priest) will eat this way. Everybody will eat them. I have finished. They won't dodge. Now I will go back across to the south. "
When he got back the water in which the fish lived was all gone. He made the banks of the ponds slide out. Then he came back from the south along the shore of the ocean to the mouth of the Klamath. He never ceased having the medicine in his hand. "You will go to sleep," he thought of the TimatciLtcwe. "While you sleep, they will go by. I wish something would cause your mind to melt away. They will go while that happens." Yīmantūwiñyai went along to Weitchpec. He thought concerning the TimatciLtcwe, "You will go to sleep. The eels will never go to the east. Only one river and that mine, will flow out for them. I will watch my eels."
He came up to Hupa. "Here in this valley I will watch my eels," he thought. "KiLtcwe will eat them. Even if the river becomes shallow they will live in some deep places. Many boats filled with eels shall be counted. Every one ate them. Every one has eaten my fish. Already I have done that which I was intending to do." He fished. "Now I am fishing," he thought. "He shall do this way for five mornings." He cooked it with the medicine lying in his hand. "It shall be done this way," he thought. He (Yīmantūwiñyai) ate the eels. "He will say of me, 'He did this way.' He will eat them here as I have done. When he has enough he will put the medicine in the fire. This medicine is good. He will say of me, 'He did this way.'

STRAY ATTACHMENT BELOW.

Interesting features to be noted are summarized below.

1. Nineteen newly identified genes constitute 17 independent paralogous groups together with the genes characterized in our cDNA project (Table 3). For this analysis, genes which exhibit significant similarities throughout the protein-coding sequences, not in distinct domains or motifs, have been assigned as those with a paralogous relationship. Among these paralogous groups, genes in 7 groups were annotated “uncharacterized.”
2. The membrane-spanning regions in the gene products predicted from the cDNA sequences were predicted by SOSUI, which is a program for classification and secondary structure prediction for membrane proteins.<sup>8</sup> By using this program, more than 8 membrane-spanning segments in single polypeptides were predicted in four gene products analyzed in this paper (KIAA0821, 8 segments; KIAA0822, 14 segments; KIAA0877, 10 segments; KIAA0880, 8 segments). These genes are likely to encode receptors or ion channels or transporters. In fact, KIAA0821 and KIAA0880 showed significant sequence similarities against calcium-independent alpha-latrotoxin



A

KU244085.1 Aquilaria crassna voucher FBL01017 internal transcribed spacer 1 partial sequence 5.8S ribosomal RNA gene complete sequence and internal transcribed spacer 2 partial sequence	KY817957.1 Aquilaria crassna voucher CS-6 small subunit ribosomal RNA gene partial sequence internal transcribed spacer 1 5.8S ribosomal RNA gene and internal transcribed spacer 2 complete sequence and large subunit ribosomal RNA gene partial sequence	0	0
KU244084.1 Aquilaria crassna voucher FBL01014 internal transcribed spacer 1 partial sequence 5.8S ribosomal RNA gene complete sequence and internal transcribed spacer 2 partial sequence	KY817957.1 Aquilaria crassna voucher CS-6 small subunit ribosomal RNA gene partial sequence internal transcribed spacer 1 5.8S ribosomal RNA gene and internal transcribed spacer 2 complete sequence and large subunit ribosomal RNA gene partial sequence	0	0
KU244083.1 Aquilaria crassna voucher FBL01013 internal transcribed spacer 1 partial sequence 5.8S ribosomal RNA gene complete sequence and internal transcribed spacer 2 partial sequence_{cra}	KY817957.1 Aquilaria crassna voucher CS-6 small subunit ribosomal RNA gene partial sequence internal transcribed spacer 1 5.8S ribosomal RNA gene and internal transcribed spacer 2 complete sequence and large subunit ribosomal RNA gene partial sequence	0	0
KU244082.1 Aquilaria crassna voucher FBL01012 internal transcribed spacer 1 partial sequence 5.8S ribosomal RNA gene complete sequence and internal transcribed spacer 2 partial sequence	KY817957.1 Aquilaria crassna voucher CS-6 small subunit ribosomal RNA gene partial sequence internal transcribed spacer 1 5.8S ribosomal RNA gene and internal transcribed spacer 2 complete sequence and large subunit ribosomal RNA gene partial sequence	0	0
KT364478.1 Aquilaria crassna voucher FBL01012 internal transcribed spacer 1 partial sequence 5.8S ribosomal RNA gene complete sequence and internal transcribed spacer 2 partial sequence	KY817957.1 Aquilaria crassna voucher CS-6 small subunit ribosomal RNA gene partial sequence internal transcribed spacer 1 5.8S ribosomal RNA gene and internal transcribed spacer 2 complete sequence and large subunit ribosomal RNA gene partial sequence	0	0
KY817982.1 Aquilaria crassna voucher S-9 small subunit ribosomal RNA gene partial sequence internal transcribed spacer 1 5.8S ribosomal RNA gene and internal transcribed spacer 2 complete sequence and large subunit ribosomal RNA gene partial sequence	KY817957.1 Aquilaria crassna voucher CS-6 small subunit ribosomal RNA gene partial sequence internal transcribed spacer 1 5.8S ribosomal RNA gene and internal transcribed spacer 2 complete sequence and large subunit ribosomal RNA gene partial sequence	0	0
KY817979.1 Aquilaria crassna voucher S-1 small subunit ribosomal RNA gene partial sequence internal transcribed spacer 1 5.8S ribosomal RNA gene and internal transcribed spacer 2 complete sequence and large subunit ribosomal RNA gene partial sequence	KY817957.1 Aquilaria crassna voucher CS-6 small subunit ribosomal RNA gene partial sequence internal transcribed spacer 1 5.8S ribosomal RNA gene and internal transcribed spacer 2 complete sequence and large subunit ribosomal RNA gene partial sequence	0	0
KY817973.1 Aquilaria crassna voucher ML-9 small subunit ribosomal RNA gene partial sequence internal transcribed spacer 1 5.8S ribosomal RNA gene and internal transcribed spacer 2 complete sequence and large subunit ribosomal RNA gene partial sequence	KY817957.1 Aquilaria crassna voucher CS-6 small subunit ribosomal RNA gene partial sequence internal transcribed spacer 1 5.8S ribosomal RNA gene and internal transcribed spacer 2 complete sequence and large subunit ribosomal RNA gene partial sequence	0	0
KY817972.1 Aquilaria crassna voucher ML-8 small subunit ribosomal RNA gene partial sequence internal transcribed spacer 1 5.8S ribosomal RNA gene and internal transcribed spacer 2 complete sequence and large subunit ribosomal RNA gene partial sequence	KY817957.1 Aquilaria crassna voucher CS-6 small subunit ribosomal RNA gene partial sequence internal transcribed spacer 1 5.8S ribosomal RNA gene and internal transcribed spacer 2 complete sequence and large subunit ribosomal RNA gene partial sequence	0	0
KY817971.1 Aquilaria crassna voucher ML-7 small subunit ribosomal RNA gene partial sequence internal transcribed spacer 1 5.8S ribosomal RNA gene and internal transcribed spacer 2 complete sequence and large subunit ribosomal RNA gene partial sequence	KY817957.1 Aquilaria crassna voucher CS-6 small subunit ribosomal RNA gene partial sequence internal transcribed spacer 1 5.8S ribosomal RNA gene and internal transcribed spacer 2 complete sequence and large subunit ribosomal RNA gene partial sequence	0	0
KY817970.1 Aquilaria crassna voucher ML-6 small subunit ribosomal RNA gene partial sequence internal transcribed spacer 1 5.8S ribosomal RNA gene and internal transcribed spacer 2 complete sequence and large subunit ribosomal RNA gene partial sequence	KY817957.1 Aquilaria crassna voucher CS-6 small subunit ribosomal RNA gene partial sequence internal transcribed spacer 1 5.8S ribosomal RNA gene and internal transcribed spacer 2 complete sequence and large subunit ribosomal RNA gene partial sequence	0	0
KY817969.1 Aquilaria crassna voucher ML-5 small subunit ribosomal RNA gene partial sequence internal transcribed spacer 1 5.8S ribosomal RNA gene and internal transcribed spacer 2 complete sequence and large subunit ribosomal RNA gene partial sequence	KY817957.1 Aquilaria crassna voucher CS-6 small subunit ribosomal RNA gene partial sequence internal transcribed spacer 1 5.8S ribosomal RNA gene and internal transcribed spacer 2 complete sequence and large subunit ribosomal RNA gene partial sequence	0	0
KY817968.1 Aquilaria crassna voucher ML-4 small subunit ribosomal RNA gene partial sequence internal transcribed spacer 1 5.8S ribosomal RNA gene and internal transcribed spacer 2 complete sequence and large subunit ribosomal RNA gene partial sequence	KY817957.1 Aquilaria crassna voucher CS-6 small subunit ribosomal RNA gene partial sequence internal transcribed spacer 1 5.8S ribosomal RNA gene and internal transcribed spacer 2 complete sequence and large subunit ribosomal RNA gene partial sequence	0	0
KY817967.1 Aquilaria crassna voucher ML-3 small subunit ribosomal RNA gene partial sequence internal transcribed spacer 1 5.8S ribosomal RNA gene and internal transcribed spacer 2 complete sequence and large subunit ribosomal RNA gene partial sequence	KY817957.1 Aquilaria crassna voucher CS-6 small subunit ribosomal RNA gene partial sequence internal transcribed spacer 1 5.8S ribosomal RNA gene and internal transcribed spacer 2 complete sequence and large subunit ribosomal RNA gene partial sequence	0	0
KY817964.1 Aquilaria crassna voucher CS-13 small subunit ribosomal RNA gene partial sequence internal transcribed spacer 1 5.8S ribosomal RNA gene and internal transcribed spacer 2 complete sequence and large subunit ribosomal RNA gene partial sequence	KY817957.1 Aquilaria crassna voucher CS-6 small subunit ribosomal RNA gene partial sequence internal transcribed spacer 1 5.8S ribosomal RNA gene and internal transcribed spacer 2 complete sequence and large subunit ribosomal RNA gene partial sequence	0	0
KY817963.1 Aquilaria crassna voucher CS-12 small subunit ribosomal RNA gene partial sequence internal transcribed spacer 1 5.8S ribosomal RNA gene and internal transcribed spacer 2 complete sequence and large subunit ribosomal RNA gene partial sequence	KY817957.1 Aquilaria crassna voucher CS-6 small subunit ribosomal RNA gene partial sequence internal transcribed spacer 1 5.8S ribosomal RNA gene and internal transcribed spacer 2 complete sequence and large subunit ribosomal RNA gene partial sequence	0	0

"Now here in this place I finish. This is the way it shall be. Not many shall say of me, 'He did that way.' Every kind of people will eat them. Even if bad people eat them I do not want that the eels shall stop coming. They will not stop. This is the way he will talk of the fish. He will eat them in this manner with the medicine. This way now I will make it for him." "Now," he said, "I am about to finish." "I am finishing for him. Now I am going home across the ocean to the south."
252:1 Told at Hupa, November 1901, by William Lewis (Kū-wī-ta) said to be the only person who knows the formula. He performs this ceremony which necessitates ten days of fasting without recompense for the good of the people.